A lottery is a gambling game in which tickets are sold for a chance to win a prize. The prizes can range from small items to large sums of money. In the United States, the federal government and many state governments sponsor lotteries to raise funds for public charitable purposes. The odds of winning are determined by random selection, not by skill or strategy, and the games are regulated to ensure fairness and legality. This article discusses the history, benefits, and criticism of lotteries.
The lottery has long been a popular form of public finance. Its widespread acceptance reflects the fact that it is simple to organize, easy to play, and offers a relatively painless alternative to taxation. Although lottery opponents advance a variety of arguments against its introduction, the debate generally centers on two broad moral issues. First, critics argue that the lottery violates the principle of voluntary taxation. By imposing an additional burden on those least able to afford it, the lottery undermines the value of a free society in which people willingly shoulder such obligations.
Second, critics charge that the lottery violates the principle of equal opportunity by promoting an unjust and uneven distribution of wealth. They claim that wealthy individuals use their wealth to buy more tickets, and thereby have a greater chance of winning, while lower-income citizens are unable to purchase enough tickets to compete. The result is an unfair allocation of resources, with the poor disproportionately bearing the burden of a regressive tax.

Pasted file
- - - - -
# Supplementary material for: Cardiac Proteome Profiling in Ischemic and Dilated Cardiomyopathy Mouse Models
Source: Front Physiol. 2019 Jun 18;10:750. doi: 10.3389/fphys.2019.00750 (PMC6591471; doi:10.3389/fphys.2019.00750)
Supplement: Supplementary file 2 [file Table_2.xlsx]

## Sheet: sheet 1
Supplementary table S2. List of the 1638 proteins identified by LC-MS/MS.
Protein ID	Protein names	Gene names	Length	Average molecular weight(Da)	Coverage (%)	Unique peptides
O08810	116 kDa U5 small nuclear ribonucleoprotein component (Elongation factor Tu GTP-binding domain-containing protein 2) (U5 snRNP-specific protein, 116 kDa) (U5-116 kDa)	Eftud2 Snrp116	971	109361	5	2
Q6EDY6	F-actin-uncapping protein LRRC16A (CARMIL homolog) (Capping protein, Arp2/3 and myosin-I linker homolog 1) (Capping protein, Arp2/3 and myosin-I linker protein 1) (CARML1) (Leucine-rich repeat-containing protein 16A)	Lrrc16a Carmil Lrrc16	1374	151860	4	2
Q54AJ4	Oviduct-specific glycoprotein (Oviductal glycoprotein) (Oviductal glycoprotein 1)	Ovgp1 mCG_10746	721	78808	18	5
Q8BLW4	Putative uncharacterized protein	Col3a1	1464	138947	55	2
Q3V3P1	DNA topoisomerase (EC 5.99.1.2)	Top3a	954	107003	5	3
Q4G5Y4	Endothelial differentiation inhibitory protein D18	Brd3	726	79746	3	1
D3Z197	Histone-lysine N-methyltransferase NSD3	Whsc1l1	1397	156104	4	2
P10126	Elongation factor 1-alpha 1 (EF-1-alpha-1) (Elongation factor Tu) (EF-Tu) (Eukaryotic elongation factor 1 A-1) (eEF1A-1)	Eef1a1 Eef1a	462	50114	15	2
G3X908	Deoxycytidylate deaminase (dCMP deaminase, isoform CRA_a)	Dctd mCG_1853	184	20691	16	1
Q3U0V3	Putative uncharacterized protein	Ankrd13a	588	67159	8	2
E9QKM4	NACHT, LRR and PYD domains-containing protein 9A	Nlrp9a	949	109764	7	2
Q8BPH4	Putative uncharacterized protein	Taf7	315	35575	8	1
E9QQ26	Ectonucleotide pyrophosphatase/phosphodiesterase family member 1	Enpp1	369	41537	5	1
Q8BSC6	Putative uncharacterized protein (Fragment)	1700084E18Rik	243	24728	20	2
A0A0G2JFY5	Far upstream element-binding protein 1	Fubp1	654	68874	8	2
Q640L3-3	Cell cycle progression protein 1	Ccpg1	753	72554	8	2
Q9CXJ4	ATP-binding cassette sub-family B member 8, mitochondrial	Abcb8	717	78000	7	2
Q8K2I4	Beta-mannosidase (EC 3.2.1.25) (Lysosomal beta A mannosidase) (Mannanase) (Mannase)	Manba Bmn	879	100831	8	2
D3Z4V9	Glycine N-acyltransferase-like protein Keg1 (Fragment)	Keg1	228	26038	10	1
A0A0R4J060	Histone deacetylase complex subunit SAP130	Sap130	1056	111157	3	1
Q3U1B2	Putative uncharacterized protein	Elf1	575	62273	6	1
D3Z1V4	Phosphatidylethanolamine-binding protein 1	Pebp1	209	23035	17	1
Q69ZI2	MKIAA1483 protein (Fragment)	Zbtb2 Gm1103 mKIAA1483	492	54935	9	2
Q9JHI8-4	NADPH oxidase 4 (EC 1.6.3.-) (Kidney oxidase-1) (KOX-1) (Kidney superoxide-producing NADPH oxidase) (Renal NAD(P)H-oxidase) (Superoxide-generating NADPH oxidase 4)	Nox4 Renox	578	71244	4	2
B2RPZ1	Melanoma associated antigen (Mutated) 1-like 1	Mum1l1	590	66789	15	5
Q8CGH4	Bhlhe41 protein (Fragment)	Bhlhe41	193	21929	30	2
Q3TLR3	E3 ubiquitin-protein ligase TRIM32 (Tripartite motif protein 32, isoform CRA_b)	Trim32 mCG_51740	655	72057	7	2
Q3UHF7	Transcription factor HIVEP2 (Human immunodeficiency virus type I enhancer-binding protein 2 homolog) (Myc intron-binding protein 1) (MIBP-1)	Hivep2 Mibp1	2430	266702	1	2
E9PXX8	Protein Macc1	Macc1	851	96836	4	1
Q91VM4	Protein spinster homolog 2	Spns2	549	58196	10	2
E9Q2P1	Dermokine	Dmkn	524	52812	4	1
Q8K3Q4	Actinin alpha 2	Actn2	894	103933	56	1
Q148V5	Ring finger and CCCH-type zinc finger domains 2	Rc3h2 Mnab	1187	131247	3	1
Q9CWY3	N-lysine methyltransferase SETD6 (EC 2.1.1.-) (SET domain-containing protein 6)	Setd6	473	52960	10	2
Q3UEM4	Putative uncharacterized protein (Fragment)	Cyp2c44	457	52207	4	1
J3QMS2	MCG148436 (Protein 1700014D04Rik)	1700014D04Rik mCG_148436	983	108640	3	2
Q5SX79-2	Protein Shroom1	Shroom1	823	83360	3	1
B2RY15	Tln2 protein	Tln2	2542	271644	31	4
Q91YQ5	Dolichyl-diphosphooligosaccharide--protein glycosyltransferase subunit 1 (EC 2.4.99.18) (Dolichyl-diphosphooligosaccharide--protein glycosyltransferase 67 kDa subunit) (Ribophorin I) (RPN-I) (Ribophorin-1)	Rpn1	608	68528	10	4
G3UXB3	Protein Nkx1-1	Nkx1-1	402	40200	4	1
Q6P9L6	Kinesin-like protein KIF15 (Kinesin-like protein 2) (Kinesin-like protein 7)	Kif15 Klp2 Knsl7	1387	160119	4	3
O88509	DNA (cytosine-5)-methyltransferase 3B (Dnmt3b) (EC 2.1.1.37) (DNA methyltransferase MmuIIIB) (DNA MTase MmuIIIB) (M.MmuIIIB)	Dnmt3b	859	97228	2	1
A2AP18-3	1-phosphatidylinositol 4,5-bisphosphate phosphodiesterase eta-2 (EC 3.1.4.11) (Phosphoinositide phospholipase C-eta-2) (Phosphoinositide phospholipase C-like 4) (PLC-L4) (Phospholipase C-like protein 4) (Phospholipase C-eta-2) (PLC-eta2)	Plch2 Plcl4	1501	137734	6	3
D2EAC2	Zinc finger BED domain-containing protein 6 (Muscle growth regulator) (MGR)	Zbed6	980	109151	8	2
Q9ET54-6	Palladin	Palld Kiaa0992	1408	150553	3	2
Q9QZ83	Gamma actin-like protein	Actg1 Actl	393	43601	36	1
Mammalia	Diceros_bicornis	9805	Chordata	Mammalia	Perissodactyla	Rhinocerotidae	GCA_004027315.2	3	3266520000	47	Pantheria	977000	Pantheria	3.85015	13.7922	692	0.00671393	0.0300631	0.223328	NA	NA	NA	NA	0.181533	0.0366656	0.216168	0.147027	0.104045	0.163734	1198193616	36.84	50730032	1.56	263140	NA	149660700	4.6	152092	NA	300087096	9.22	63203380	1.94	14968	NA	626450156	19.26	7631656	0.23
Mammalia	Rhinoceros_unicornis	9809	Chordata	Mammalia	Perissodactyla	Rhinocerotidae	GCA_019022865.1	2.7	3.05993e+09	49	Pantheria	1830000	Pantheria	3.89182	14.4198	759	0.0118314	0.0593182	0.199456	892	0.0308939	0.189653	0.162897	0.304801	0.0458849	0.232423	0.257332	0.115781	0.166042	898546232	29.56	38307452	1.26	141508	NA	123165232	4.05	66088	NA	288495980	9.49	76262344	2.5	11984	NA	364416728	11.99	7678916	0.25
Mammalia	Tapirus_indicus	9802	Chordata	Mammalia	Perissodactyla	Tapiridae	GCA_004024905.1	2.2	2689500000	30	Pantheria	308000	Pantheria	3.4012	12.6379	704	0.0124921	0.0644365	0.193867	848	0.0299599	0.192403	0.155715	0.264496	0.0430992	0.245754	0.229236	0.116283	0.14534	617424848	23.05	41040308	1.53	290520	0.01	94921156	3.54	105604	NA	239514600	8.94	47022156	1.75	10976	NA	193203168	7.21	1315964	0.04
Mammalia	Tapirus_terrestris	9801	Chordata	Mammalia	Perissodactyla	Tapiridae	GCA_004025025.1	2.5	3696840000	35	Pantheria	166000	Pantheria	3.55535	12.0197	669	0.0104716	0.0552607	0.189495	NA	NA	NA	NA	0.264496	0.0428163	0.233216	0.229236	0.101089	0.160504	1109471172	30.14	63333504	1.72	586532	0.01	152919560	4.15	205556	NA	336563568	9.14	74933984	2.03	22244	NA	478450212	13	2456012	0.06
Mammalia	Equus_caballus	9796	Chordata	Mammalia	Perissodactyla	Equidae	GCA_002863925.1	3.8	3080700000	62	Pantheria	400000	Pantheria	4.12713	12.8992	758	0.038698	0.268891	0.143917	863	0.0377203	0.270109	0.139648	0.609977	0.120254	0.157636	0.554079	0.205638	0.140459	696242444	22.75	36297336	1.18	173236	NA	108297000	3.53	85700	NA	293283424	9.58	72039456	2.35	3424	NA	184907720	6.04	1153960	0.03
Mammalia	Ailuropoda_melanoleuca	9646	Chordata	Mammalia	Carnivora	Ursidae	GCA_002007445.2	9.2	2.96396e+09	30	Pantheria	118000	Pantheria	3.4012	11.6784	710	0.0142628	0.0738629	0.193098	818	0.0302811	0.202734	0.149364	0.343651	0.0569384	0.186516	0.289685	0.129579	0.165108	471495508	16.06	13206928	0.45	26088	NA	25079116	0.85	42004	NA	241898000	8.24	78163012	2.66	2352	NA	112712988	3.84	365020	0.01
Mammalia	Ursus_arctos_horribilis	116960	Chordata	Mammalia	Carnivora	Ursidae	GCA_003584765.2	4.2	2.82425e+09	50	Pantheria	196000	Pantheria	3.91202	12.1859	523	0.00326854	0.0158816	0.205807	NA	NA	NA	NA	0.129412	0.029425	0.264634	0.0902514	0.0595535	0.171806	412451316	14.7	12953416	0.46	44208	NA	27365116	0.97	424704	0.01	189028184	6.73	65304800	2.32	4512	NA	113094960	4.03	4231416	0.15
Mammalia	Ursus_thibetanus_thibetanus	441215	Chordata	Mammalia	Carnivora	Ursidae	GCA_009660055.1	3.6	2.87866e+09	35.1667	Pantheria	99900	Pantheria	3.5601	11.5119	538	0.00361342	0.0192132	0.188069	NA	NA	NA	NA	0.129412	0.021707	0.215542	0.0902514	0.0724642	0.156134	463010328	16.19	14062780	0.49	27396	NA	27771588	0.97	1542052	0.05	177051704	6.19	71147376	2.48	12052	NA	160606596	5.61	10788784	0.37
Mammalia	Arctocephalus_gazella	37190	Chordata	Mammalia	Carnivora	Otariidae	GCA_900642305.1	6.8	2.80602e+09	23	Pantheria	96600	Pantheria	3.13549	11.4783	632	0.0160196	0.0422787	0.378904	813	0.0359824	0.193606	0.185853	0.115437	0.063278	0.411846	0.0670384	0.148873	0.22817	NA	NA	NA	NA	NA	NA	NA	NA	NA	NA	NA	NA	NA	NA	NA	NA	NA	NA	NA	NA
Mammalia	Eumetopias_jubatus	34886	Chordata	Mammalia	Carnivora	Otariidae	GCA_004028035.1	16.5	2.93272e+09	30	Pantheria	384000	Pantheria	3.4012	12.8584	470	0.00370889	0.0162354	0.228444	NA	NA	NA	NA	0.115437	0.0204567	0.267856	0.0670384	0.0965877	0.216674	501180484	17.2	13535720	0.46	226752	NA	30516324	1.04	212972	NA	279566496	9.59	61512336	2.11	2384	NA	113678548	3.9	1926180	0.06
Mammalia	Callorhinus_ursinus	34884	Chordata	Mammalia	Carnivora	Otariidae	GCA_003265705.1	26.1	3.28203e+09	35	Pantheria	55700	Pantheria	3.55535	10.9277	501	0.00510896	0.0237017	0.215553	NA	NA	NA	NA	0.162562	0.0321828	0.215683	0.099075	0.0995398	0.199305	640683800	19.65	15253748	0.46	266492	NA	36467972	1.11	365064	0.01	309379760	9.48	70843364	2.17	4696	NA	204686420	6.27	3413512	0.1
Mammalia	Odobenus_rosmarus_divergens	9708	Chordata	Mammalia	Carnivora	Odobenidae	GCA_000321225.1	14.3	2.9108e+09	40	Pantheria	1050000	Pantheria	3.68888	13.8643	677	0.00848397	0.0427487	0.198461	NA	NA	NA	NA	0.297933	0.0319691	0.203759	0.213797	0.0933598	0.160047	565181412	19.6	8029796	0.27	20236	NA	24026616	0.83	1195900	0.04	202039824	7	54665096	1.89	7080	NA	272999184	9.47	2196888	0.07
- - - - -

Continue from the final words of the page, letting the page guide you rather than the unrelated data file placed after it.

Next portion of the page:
Although these moral arguments have merit, they fail to account for the fact that lotteries are popular with the general population and generate substantial revenues. In addition, the governing structure of most state lotteries is often inefficient and prone to political interference. Consequently, the evolution of lottery policy is frequently driven by special interests rather than by broader considerations of the public good.
Despite these weaknesses, the lottery is a major source of state revenue in most countries. Lottery profits have contributed to the building of many of the world’s great museums and to the funding of a wide variety of other public projects. It is also a common fund-raising device for private and religious organizations. In the United States, lottery proceeds help pay for a number of public and private educational institutions, including Harvard, Yale, Dartmouth, Columbia, King’s College (now Columbia University), William and Mary, Union, Brown, and many others.
Moreover, the large majority of lottery players are not compulsive gamblers. Nonetheless, research shows that they do spend significant amounts of money on tickets. It is important to understand how the lottery works and why it has such a high success rate in America. It is an excellent tool to teach kids & teens about the concept of probability. It is also an effective resource for financial literacy classes, or as a part of any personal & money management curriculum. This video is a great way to start a discussion about how the odds of winning a lottery are based on luck.